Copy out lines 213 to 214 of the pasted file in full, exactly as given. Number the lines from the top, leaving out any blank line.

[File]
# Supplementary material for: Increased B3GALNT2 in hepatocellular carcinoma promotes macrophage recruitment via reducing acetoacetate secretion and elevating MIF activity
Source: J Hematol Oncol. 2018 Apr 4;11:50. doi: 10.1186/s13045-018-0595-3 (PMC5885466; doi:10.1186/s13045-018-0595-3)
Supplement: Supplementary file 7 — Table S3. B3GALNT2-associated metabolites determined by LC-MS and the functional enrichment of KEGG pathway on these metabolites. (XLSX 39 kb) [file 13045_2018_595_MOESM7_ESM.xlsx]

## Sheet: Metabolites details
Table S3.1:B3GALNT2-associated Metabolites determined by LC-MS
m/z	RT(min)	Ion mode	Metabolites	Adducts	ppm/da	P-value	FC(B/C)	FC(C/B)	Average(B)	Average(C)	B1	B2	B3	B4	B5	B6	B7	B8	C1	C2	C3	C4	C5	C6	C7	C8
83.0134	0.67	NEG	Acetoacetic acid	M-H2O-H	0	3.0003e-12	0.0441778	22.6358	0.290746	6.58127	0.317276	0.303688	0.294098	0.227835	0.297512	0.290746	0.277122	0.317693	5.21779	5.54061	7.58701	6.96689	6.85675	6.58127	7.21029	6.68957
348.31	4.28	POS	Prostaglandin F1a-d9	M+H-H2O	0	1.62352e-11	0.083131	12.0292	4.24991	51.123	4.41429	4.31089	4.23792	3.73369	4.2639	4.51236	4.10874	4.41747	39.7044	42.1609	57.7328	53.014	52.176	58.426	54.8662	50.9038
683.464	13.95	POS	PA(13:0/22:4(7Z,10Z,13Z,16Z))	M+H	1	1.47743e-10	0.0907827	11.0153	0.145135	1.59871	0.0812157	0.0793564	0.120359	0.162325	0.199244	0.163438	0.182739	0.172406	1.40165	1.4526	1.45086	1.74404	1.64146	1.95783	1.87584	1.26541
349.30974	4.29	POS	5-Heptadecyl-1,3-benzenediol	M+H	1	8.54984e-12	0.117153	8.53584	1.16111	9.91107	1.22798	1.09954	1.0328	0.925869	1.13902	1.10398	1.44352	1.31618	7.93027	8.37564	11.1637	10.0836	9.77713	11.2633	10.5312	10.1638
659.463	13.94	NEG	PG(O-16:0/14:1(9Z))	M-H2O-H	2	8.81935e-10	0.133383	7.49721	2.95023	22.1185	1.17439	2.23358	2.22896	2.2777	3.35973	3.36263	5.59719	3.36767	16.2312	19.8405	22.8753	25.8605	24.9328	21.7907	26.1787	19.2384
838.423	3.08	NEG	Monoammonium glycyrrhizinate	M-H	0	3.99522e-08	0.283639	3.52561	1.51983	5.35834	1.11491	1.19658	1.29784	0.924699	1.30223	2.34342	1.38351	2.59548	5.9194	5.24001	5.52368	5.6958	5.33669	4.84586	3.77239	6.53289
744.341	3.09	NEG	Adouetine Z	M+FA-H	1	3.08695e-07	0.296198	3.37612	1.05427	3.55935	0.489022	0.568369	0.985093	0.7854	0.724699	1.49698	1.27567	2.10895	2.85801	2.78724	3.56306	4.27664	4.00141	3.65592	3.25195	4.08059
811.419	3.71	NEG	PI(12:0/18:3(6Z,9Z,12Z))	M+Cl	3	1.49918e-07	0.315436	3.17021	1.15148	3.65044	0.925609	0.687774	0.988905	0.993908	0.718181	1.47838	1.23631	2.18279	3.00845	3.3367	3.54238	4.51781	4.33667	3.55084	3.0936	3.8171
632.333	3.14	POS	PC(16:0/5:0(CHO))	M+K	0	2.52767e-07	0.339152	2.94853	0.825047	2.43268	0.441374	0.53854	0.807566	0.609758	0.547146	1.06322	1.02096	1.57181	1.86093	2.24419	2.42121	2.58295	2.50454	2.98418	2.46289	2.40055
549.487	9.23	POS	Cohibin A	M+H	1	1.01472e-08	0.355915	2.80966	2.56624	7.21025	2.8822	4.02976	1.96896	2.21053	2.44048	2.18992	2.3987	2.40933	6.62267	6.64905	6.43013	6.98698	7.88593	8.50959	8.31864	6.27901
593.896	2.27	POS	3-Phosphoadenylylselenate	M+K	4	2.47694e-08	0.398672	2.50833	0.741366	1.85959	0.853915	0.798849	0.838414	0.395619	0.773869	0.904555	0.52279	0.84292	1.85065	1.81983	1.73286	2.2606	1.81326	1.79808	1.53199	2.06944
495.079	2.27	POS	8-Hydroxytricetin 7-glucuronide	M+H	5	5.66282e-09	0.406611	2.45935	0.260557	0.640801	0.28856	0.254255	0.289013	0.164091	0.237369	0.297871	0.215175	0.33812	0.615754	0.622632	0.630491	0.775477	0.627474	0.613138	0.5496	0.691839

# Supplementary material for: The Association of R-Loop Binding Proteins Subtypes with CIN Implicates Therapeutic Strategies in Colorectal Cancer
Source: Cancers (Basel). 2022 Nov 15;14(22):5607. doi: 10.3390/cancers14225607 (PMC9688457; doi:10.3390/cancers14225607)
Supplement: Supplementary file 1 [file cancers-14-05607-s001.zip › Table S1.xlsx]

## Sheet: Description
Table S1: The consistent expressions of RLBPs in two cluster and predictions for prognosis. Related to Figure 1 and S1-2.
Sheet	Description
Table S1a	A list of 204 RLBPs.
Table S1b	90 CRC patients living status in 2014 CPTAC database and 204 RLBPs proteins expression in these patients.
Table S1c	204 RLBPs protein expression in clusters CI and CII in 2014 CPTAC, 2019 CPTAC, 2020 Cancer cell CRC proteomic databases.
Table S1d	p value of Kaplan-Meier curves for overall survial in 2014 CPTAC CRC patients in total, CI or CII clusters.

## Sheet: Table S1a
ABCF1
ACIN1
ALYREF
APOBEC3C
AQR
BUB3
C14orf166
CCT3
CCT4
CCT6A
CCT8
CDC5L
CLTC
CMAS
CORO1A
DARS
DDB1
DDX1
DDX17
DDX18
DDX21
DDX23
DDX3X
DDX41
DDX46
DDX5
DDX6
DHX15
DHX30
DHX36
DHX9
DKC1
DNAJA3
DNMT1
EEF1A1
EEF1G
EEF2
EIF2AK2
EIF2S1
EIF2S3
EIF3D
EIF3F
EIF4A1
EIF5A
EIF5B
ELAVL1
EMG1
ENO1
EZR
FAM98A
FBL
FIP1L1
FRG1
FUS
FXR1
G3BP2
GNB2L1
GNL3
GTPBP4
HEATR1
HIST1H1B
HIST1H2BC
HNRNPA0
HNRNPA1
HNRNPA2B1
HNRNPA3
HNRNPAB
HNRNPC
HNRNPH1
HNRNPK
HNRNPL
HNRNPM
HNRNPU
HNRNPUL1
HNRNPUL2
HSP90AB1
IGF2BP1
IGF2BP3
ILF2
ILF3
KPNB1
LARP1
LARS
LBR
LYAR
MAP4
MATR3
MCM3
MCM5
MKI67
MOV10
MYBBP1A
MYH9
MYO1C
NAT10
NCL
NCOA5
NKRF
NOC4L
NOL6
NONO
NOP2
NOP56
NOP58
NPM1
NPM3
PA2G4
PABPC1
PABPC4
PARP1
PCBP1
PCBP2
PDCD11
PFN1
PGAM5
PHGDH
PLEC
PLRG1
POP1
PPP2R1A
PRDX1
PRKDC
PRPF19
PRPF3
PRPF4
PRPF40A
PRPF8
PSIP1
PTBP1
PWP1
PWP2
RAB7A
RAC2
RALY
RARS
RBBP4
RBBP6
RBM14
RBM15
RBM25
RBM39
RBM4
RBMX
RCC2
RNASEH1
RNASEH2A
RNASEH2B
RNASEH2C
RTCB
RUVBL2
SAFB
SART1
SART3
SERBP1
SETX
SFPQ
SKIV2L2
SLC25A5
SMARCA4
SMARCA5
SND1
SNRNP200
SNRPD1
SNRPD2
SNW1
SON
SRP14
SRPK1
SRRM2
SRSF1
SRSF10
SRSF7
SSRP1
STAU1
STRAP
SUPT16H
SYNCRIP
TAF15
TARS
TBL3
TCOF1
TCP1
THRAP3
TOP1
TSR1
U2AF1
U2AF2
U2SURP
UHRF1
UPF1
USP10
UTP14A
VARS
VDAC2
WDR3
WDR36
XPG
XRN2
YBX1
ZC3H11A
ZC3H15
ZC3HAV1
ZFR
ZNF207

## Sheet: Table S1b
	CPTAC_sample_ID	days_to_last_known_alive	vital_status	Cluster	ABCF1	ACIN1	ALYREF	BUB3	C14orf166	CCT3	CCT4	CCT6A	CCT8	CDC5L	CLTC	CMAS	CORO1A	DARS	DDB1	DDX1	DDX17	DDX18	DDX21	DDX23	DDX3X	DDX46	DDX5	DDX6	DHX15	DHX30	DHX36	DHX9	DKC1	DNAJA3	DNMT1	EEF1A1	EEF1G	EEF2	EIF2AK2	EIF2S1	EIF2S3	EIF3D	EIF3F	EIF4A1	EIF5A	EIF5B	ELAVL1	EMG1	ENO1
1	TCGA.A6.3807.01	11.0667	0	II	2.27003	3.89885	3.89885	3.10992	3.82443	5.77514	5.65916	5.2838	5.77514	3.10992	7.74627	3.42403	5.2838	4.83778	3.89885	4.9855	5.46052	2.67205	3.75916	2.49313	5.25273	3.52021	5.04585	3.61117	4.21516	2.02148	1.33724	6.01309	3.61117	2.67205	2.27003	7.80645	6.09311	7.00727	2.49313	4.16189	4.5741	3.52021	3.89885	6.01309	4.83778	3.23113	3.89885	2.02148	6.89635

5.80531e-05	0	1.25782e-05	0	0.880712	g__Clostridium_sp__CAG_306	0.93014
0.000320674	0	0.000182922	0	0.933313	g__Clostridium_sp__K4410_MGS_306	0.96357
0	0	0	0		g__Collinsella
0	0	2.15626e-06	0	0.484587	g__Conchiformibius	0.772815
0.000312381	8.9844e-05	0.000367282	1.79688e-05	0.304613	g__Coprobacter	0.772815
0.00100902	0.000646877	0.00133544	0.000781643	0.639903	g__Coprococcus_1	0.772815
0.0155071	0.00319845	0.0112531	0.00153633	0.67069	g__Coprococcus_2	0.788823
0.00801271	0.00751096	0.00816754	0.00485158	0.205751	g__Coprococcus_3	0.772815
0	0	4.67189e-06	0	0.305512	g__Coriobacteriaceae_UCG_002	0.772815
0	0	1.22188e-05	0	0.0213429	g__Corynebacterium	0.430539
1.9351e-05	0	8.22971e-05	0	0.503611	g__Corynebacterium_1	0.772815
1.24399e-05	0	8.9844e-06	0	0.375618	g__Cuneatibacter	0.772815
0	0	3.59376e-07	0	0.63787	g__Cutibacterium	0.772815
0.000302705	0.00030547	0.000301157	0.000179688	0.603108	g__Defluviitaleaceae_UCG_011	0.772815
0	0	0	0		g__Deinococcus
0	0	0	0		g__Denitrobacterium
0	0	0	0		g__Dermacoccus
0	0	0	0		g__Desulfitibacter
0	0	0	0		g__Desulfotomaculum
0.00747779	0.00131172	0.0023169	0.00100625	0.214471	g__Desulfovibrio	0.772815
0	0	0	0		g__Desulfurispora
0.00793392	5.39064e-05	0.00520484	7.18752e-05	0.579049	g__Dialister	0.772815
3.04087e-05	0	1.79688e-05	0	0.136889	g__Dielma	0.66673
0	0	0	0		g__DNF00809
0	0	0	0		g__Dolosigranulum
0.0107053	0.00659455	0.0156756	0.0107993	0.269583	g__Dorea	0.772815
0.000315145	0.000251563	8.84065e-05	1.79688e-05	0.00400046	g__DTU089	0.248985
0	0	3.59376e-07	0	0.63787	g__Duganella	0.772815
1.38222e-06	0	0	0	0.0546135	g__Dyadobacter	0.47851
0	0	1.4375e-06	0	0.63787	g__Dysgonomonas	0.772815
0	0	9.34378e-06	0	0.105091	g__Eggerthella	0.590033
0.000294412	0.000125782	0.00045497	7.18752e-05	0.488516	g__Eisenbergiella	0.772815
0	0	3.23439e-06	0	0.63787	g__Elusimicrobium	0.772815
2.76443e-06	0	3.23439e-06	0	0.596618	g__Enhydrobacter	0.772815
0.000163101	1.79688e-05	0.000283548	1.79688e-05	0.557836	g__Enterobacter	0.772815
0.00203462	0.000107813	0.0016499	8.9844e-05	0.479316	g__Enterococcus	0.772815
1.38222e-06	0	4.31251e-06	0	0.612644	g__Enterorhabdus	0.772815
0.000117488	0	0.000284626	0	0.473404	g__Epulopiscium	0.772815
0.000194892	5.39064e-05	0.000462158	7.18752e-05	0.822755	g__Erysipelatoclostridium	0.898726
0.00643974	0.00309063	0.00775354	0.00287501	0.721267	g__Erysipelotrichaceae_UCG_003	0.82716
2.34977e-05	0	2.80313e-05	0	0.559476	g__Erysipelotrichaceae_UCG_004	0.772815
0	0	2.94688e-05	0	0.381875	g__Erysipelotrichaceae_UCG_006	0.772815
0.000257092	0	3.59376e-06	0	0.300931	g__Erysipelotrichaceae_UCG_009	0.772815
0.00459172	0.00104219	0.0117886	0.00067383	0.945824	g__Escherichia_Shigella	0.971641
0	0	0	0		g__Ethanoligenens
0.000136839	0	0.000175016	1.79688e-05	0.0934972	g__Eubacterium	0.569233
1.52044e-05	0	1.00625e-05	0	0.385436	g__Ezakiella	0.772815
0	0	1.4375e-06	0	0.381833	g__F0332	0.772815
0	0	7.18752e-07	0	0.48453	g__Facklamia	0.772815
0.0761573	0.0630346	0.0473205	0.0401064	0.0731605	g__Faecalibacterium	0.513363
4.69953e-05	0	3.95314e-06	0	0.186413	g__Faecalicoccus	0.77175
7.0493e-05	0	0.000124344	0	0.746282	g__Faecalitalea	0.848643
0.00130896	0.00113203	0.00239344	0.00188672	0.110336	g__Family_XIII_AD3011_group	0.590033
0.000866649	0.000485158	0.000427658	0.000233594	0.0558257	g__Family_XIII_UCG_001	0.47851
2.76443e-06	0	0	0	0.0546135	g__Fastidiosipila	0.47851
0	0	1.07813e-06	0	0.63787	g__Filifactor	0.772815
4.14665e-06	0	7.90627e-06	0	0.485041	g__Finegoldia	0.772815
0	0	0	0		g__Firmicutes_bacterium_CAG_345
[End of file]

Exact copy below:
TOP1
TSR1